The Difference Between Real Age and Developmental Age

I had a surprising first lesson with an 8-year-old recently…

Typically when parents ask me if their 7 or 8-year-old can start pitching lessons, I tell them it would be more beneficial to wait. The average girl that age simply hasn’t matured enough physically to make positive progress in learning the pitching mechanics.

I bolded “average” for a reason: naturally, there ARE 7-8 year olds who ARE physically mature enough to tackle pitching. They are a minority, but they exist. My new student, to my pleasant surprise, could teach some of my college students a thing or two about overhand throwing mechanics! And she began to pick up forearm fire relatively naturally.

On the other side of the curve, there are also 11-12 year olds who are NOT ready. Why is that?

Real age vs. developmental age

Real age is exactly what it sounds like: if you were born 9 years ago, you are 9 years old. However, any kid who has participated in gym class, summer camp, or an organized sport would notice that not all 9-year-olds are created equal. Of course some people are naturally athletic and others are not, but there’s more to it than that; if you look at any decent high school varsity softball team, undoubtedly there are some players who have been tearing up the field since they were 6, and others who hit their stride much later. This is because everyone develops at a slightly different rate. This is perfectly normal!

What should parents do with this information?

It may seem like common sense to say, “Well, that’s that, I’ll let my daughter grow at her own pace!” and it would be lovely if everyone functioned that way. Unfortunately, youth sports programs—and softball is no exception—are getting more and more serious earlier and earlier, and there is a lot of pressure for young kids to keep up or get left behind. We believe that the level of intense early specialization in sports that is becoming a trend is detrimental to a child’s overall athletic development.

This presentation that Joe shared and this article I wrote for a strength and conditioning publication will both give you in-depth information about how young athletes develop. Attempting high level, sport-specific skills (such as pitching and hitting) before a child is taught the general fundamentals of athletic movement is exactly like trying to run before you can walk. Building aggressively on that imperfect foundation leads to an imperfect structure—by practicing and playing too much too early, a child can develop imbalances and bad habits that are very difficult or impossible to break. I HIGHLY RECOMMEND that every parent take in the information I linked to in this paragraph, especially if you have a 10U or 12U daughter playing on a serious travel tournament team and/or multiple softball teams.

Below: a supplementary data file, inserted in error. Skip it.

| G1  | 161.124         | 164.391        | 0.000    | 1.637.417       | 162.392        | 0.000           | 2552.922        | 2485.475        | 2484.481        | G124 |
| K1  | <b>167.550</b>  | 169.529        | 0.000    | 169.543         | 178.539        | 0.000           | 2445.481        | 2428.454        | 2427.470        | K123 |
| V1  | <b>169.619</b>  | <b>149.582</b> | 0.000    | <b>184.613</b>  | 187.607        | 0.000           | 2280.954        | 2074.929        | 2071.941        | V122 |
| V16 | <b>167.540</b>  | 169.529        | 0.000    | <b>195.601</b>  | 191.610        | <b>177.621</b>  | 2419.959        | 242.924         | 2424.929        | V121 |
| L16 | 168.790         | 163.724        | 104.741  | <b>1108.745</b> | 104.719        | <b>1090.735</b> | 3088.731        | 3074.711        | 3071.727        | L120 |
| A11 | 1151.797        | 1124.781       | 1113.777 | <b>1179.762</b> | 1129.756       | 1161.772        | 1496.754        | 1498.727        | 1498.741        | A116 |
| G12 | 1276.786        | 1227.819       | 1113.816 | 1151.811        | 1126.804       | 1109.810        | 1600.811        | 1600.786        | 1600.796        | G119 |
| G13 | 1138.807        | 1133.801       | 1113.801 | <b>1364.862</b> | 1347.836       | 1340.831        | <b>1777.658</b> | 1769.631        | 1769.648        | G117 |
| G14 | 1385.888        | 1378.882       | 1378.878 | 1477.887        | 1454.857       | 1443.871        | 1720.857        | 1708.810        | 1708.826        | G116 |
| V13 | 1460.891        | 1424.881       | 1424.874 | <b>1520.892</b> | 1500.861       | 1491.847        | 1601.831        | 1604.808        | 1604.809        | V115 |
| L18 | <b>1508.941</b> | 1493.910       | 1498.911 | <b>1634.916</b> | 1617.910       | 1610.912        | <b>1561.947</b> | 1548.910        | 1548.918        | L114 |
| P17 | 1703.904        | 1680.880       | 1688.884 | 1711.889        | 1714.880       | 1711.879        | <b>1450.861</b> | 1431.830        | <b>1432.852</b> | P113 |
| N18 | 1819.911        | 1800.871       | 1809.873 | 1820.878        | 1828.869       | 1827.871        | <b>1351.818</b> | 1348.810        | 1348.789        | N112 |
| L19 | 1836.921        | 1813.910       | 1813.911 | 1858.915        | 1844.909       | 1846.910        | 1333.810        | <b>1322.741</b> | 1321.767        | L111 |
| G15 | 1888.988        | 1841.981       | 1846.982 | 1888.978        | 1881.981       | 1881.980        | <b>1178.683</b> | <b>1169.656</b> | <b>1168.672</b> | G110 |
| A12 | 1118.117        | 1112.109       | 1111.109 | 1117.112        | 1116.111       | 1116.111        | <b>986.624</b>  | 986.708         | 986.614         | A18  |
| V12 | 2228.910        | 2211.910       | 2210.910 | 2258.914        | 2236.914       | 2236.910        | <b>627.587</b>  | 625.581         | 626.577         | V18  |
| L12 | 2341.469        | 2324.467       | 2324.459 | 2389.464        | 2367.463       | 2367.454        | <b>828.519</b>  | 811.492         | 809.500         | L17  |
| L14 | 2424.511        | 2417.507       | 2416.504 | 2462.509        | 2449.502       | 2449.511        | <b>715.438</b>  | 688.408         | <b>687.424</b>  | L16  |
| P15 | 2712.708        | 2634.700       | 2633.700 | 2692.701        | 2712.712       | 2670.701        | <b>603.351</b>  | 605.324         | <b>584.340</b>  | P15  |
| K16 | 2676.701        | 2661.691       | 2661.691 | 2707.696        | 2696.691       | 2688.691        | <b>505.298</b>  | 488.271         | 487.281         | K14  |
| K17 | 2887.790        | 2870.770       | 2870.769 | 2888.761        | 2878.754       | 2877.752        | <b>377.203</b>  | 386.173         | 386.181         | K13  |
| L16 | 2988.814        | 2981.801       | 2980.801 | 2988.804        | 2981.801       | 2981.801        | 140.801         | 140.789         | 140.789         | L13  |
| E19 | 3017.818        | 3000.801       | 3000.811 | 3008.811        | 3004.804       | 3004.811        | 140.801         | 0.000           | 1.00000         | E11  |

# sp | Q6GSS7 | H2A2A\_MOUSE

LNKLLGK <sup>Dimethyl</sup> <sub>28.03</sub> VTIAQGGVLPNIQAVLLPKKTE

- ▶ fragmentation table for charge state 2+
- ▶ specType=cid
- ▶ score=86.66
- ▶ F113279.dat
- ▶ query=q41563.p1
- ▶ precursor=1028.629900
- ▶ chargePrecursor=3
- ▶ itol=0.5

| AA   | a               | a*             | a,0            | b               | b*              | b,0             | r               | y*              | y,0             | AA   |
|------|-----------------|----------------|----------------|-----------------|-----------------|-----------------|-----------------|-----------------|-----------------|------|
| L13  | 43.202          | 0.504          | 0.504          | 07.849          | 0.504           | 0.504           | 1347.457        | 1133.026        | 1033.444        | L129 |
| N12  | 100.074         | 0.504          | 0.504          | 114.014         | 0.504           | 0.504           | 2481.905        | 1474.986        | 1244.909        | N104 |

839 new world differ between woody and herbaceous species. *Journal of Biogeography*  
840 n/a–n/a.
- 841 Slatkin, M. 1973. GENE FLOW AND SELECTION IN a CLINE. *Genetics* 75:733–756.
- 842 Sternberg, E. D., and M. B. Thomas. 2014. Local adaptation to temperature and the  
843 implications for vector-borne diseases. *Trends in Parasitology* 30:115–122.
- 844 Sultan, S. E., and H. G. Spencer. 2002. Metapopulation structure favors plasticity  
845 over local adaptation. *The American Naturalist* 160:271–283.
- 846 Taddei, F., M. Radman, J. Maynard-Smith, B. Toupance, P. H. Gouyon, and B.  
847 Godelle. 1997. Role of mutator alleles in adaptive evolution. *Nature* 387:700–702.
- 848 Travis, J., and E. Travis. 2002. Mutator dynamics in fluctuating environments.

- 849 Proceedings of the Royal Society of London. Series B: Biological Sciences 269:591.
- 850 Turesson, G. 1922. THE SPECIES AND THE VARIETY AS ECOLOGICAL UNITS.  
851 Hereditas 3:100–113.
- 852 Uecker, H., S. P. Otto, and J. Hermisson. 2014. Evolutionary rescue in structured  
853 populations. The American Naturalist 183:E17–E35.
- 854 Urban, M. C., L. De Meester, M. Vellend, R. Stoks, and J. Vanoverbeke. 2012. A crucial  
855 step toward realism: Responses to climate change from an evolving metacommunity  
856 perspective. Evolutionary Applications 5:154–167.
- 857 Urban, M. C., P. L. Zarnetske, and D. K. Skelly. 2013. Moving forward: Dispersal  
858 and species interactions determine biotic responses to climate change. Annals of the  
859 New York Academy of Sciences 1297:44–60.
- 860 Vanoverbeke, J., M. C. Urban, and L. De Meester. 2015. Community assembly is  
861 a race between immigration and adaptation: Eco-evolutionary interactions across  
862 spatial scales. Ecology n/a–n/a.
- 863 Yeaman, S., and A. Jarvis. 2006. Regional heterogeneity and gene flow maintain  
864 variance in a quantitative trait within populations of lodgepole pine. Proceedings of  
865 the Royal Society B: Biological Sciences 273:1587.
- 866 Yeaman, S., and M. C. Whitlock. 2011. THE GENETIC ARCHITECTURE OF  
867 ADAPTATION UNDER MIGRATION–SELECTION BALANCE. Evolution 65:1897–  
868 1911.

Here are some simple softball-specific tips that may help with the early development of your softball player:

  • Keep softball competition fun and casual until the child begins to exhibit a higher level of skill and a passion for practicing
  • Encourage your child to engage in multiple sports to develop a wide range of skills that all support each other
  • Try to avoid playing on multiple teams and playing softball all year round
  • Customize home practices as much as possible. For example, just because your daughter is playing 10U with an 11-inch ball doesn’t mean she has to practice at home with that ball if she’s struggling with throwing mechanics. Throwing a smaller ball encourages good snap in smaller hands!


About the author


Carly is a windmill pitching specialist and co-founder of Fastpitch Power. She has coached teams at every level from 10U to NCAA. She also designed and built fastpitchpower.com. Please feel free to leave questions and site feedback in the comments or via our contact page!


  1. derek

    My daughter is 8. Plays for a rec league and has been approached by a travel coach to try out. She pitches and plays first base.i work with her almost daily because she loves it. Shes small for her age but the best in the rec league at almost everything. She is so hard on herself when she doesnt pitch good. What is the best way to teach her the forearm fire? I have watched some of your videos. But where do i start?

    1. Carly

      Hi Derek, sorry for the late reply. Here are a few recommended articles:
      Getting started guide – http://www.fastpitchpower.com/getting-started-with-fastpitch-powers-pitching-style-a-guide/
      Most important thing for beginner pitchers – http://www.fastpitchpower.com/important-thing-beginner-pitchers/
      Teaching wrist snap – http://www.fastpitchpower.com/teaching-wrist-snap/
      Tips for small hands – http://www.fastpitchpower.com/young-softball-girls-throwing-baseball/

      Hope that helps!

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